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9/11/2012 4:28 PM
Lindsay Makes Sense????
By Charles Payne, CEO & Principal Analyst
"I've cut taxes for those who need it: middle-class, families, small businesses" President Obama Tweet
"@Barackobama we also need to cut them for those listed on Forbes as "millionaires" if they are not, you must consider that as well." Lindsay Lohan Tweet
Beyond the fact the Lindsay Lohan did more harm to her Hollywood career with that single tweet than any drug addiction, impulse to shoplift, or reputation for showing up late for filming ever could, she hit on an important point. The proposed tax hike on families earning more than $250,000 is destructive and unfair. It's unfair to label these households "rich" and to hint they somehow got all the breaks and are taking advantage of poor people. Yet, this is exactly what President Obama is doing and without a trace of contrition.
Calling someone a millionaire that clearly isn't a millionaire is wrong on so many levels, but these days the speech has been altered to calling these households "billionaires," and in the heat of the moment—usually on a college campus where romanticism rules—you will hear these people described as "trillionaires." Small businesses that are producing jobs would be crushed by higher taxes. The fact is, most businesses aren't using tax breaks offered by the administration, which is fine with me, as I prefer they hire people instead of buying a new copy machine for accelerated tax write offs.
Liberals are having a field day with the Lohan tweet because shooting the messenger is easier than shooting fish in a barrel, and the message gets taken down in the process. I think my first reaction was feigned concern for this over pampered Hollywood brat, but a second look at the tweet (not her face), and she actually hit the matter squarely on the jaw. The bulk of people that will feel the Obama tax onslaught are not rich but successful through individual effort. This brings me back to my top conviction; this entire policy is more about punishment than economics. It is destructive, mean-spirited and will fail miserably.
At the rate this administration is spending money, a time will come when the "fair share" argument will drift to those households earning $100,000 a year. The utopian state envisioned for this nation is a money-eating monster. The more people lose their jobs and the more corporate profits are raided, the fewer jobs are created as entrepreneurship is discouraged and the lack of accountably from watered down education will mean high paying jobs will shift abroad, and all this means more people on government assistance.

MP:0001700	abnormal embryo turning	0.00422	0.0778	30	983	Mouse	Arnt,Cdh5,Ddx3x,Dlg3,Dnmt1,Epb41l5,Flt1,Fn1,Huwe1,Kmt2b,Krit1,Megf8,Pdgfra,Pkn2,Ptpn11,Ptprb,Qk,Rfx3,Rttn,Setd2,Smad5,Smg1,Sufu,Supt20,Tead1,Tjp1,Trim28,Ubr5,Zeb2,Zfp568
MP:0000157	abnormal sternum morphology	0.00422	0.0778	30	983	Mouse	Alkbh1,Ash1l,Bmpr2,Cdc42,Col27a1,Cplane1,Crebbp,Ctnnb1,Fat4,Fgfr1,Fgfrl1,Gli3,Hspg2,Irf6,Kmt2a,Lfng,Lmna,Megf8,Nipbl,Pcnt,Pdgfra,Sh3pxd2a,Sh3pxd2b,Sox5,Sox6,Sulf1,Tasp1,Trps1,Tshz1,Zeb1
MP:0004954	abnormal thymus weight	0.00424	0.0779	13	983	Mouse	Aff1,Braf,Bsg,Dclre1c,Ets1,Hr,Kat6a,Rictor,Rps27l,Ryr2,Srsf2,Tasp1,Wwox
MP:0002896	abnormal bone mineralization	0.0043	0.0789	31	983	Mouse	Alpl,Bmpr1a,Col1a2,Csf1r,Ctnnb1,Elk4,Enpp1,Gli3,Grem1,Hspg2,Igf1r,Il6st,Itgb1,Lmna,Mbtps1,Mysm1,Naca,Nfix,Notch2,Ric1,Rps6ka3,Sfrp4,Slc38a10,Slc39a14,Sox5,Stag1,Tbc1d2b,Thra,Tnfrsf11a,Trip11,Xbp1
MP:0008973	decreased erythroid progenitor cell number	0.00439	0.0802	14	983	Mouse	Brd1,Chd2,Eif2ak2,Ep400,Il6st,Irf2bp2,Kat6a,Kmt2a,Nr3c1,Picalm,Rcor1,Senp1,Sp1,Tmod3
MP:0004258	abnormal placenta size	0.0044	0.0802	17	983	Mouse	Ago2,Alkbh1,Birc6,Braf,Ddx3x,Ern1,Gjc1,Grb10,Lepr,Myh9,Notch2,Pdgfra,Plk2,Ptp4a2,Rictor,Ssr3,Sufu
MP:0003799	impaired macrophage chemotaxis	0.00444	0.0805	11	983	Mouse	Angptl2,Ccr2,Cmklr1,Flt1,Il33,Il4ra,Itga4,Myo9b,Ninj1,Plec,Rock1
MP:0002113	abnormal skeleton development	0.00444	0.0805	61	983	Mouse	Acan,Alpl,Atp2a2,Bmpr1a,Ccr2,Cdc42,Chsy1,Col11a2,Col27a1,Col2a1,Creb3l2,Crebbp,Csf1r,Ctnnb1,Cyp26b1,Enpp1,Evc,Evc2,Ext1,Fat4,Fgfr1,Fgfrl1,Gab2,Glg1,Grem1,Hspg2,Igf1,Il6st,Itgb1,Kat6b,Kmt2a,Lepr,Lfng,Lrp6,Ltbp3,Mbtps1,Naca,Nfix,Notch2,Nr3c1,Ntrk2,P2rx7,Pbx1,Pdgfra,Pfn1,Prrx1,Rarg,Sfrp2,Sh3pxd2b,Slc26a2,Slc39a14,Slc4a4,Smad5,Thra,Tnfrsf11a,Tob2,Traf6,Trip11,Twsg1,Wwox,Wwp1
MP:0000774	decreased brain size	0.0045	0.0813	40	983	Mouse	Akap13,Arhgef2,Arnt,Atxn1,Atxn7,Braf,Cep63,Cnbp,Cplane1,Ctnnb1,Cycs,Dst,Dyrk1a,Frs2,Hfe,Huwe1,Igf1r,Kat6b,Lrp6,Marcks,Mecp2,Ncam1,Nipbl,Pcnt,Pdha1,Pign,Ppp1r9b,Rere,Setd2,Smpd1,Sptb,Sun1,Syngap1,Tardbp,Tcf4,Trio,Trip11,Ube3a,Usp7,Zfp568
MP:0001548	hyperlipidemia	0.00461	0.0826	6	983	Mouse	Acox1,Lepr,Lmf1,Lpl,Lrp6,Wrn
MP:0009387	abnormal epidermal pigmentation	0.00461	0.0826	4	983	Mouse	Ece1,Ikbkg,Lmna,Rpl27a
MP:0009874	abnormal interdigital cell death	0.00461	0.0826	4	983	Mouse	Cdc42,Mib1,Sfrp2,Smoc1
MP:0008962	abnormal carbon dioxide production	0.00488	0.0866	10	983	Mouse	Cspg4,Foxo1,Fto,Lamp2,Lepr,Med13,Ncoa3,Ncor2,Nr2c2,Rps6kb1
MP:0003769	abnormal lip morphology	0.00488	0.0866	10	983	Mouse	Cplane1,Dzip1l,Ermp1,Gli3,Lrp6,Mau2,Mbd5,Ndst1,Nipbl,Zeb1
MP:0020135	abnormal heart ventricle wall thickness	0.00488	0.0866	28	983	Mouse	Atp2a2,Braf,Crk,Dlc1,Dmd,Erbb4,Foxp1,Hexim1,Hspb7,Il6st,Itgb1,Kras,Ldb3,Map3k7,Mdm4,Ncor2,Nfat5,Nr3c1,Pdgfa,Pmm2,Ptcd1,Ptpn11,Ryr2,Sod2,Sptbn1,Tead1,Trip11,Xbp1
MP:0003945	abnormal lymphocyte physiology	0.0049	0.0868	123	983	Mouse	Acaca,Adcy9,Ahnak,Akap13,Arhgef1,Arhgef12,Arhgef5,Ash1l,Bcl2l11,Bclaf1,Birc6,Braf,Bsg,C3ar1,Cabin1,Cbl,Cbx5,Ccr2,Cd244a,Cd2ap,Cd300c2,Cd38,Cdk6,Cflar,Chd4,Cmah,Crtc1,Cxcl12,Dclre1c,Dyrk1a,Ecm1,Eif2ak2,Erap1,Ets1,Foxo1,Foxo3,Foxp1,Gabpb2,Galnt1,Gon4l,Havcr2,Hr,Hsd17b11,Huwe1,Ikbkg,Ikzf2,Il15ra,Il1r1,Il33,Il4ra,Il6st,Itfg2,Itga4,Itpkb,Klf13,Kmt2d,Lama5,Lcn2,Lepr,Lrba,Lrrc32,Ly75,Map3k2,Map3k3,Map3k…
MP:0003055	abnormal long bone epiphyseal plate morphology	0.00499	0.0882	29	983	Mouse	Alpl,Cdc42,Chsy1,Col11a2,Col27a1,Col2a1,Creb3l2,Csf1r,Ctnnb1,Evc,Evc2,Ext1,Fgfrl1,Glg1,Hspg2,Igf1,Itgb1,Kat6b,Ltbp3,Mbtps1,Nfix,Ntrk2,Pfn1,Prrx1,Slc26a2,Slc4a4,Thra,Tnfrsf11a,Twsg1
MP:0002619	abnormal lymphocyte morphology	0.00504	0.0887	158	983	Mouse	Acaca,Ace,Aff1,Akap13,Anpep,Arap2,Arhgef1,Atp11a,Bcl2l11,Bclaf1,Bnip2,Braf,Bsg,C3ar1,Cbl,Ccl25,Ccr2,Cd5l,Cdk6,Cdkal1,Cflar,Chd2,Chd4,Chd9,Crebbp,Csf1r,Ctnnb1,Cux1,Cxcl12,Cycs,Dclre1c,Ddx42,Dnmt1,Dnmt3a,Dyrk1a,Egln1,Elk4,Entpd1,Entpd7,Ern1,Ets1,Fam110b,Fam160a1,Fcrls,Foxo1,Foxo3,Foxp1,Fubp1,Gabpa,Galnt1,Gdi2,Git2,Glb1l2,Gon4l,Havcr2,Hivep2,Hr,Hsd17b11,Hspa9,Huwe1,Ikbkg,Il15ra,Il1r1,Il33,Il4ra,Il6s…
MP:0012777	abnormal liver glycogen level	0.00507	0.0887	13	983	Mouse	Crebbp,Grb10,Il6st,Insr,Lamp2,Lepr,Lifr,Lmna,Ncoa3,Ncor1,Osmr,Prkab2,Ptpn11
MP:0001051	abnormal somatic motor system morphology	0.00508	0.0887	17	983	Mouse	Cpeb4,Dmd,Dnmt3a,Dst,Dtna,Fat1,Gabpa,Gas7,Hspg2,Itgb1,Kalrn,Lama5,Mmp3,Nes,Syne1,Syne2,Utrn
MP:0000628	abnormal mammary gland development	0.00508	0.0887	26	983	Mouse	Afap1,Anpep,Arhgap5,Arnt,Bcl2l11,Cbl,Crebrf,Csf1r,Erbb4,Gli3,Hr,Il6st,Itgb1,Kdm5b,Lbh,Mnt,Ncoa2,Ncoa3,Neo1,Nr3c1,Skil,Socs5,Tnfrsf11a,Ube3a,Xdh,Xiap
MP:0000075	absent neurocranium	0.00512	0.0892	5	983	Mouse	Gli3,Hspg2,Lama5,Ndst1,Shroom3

People that succumb to the urge to take money earned by others to right the wrongs of yesterday or to assuage their own feelings that things are unfair must understand that that mindset is no different than going outside and hitting someone at an ATM machine with a brick.
We can joke around that more often than not Lindsay Lohen sounds like she's been hit over the hit with a brick or even in the face, but her tweet is a punch to the gut once we get over the source and to the heart of the matter.
I'm becoming more anxious about the market, and after the late summer rally, we'll need to see better numbers. For now, Fed action is pushing money to a point where it has no choice except to go to work, and that means inflating equity and home prices. It also inflates other things like milk and bread prices, not to mention gasoline. We know we can't fight the tape, but we have to look beneath the surface. The sun is shining harshly from a string of poor economic data, so we can keep skating, but let's understand the ice is thinning.
There is an old saying about canaries in a coal mine, and I think that applies to consumers and credit cards, too. The experts were looking for July consumer credit to expand by $9.2 billion, but instead it declined $3.3 billion and June was revised to a decline of $9.8 billion. The red flag is revolving credit (credit cards), which decreased $4.8 billion during the month. I suspect people are using debit cards, which means spending cash, and while this can stop many from getting in over their heads, it dovetails with a larger narrative that feels like more and more we are living for the moment with less faith in the future.
They are giving away sub-prime loans on cars, and the government is pumping college loans to a tipping point.
The good news, however, is that loans in China surged $111.1 billion last month.
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